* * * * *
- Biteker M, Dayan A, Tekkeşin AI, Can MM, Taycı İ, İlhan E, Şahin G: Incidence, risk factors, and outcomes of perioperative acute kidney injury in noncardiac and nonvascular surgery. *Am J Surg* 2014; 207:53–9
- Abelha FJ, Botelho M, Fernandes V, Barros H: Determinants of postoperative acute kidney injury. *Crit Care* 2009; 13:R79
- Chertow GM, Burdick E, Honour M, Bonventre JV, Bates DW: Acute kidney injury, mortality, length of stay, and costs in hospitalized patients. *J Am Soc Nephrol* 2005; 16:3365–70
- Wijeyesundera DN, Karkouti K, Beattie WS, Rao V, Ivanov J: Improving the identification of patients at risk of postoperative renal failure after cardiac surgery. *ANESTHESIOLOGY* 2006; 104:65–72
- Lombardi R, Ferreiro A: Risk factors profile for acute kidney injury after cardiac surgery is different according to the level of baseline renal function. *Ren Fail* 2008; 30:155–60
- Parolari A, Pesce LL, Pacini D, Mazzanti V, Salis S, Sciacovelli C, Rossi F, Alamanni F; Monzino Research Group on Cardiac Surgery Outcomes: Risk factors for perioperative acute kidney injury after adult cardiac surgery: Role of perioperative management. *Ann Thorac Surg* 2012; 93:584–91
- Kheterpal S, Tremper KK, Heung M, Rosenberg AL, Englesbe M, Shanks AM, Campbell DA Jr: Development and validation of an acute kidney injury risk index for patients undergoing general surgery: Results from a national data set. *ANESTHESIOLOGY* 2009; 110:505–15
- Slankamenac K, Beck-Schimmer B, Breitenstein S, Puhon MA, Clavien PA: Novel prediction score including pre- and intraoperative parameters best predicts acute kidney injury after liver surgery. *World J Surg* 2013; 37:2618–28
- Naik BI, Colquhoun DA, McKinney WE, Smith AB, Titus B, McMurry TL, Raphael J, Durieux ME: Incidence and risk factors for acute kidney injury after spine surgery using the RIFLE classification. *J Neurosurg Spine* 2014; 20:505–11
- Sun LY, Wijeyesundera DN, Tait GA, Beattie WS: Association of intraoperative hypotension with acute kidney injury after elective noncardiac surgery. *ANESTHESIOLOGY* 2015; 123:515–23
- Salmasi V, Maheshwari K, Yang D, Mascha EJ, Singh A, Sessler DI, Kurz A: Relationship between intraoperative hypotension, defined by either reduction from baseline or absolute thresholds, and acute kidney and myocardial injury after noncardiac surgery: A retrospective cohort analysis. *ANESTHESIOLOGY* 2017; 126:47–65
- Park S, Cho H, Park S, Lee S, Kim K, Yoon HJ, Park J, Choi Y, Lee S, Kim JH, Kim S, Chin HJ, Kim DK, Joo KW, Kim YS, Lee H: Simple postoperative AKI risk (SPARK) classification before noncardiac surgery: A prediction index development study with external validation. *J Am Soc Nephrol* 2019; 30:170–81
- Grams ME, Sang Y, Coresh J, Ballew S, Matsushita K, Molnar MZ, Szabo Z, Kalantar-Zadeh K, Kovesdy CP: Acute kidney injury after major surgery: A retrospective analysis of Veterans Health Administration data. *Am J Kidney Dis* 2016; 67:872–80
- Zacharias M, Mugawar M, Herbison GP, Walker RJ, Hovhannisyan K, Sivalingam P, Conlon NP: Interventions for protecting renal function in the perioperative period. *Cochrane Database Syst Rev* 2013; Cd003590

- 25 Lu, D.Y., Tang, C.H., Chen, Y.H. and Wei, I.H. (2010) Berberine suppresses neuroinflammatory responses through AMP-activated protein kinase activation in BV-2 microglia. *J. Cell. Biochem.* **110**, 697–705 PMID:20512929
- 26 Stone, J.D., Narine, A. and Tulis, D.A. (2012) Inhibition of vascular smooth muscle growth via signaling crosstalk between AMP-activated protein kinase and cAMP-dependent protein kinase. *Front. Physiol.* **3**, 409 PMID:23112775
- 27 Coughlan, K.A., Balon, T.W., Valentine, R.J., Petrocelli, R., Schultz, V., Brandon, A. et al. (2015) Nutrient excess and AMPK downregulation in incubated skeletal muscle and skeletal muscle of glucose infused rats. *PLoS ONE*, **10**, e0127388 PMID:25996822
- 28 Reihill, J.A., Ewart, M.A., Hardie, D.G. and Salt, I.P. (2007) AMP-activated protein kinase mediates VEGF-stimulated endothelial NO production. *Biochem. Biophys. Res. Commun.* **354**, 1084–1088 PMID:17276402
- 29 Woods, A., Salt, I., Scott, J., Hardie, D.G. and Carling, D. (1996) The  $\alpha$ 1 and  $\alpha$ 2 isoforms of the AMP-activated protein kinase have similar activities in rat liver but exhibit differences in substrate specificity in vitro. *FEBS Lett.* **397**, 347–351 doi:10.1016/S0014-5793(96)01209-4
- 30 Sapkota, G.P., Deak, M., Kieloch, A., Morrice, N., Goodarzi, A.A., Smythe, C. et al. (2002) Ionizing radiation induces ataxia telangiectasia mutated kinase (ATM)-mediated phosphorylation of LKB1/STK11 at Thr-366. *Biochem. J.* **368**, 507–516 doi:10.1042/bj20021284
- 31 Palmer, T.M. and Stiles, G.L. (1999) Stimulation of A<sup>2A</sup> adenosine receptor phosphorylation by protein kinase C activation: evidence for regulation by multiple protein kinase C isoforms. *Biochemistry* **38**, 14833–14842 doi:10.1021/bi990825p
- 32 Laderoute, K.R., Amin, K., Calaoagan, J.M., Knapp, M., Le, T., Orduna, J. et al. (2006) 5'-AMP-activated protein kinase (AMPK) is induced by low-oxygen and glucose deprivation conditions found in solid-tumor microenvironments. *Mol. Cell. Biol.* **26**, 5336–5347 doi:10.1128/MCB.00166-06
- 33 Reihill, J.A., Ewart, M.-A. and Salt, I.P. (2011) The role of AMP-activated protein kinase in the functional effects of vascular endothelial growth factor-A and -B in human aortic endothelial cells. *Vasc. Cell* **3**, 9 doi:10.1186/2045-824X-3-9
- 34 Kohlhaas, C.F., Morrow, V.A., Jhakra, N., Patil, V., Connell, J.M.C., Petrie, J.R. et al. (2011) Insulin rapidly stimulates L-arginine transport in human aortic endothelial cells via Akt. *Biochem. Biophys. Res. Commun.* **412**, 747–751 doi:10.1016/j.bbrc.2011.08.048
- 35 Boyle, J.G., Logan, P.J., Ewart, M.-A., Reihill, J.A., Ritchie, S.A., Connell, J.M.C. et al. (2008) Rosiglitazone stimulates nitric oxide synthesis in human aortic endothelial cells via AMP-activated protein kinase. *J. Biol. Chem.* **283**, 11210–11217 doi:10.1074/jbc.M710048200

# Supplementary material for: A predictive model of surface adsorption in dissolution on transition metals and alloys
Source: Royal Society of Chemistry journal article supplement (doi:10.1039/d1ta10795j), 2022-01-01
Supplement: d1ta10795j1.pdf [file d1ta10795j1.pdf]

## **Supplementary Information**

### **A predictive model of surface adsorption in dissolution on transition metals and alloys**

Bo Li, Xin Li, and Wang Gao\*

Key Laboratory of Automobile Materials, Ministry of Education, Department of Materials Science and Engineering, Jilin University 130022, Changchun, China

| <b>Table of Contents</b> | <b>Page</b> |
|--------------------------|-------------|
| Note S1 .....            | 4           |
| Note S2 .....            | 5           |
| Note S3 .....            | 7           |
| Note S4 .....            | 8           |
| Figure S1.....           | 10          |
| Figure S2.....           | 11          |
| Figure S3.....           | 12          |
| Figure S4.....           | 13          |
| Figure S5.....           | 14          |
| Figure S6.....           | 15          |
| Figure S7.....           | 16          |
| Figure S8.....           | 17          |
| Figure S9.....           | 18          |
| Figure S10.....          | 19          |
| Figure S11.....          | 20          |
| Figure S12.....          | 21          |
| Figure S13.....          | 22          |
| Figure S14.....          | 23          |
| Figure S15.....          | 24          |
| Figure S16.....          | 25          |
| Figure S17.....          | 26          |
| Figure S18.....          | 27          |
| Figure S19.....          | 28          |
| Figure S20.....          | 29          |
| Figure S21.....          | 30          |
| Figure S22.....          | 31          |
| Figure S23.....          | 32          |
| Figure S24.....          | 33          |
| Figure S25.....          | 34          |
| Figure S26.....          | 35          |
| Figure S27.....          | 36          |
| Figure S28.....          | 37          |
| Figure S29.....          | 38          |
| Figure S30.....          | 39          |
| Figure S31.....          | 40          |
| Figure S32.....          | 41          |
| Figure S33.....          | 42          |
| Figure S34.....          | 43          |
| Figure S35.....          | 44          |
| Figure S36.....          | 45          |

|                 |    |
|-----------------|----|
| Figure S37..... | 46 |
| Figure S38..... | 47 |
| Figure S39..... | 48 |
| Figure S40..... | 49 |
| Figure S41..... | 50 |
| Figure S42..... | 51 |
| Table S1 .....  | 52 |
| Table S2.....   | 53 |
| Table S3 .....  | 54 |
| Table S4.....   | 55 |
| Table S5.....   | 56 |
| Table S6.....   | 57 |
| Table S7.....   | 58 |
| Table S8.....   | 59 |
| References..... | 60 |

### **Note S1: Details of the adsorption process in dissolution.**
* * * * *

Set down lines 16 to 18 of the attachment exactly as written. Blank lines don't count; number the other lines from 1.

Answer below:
- 26 Stone, J.D., Narine, A. and Tulis, D.A. (2012) Inhibition of vascular smooth muscle growth via signaling crosstalk between AMP-activated protein kinase and cAMP-dependent protein kinase. *Front. Physiol.* **3**, 409 PMID:23112775
- 27 Coughlan, K.A., Balon, T.W., Valentine, R.J., Petrocelli, R., Schultz, V., Brandon, A. et al. (2015) Nutrient excess and AMPK downregulation in incubated skeletal muscle and skeletal muscle of glucose infused rats. *PLoS ONE*, **10**, e0127388 PMID:25996822
- 28 Reihill, J.A., Ewart, M.A., Hardie, D.G. and Salt, I.P. (2007) AMP-activated protein kinase mediates VEGF-stimulated endothelial NO production. *Biochem. Biophys. Res. Commun.* **354**, 1084–1088 PMID:17276402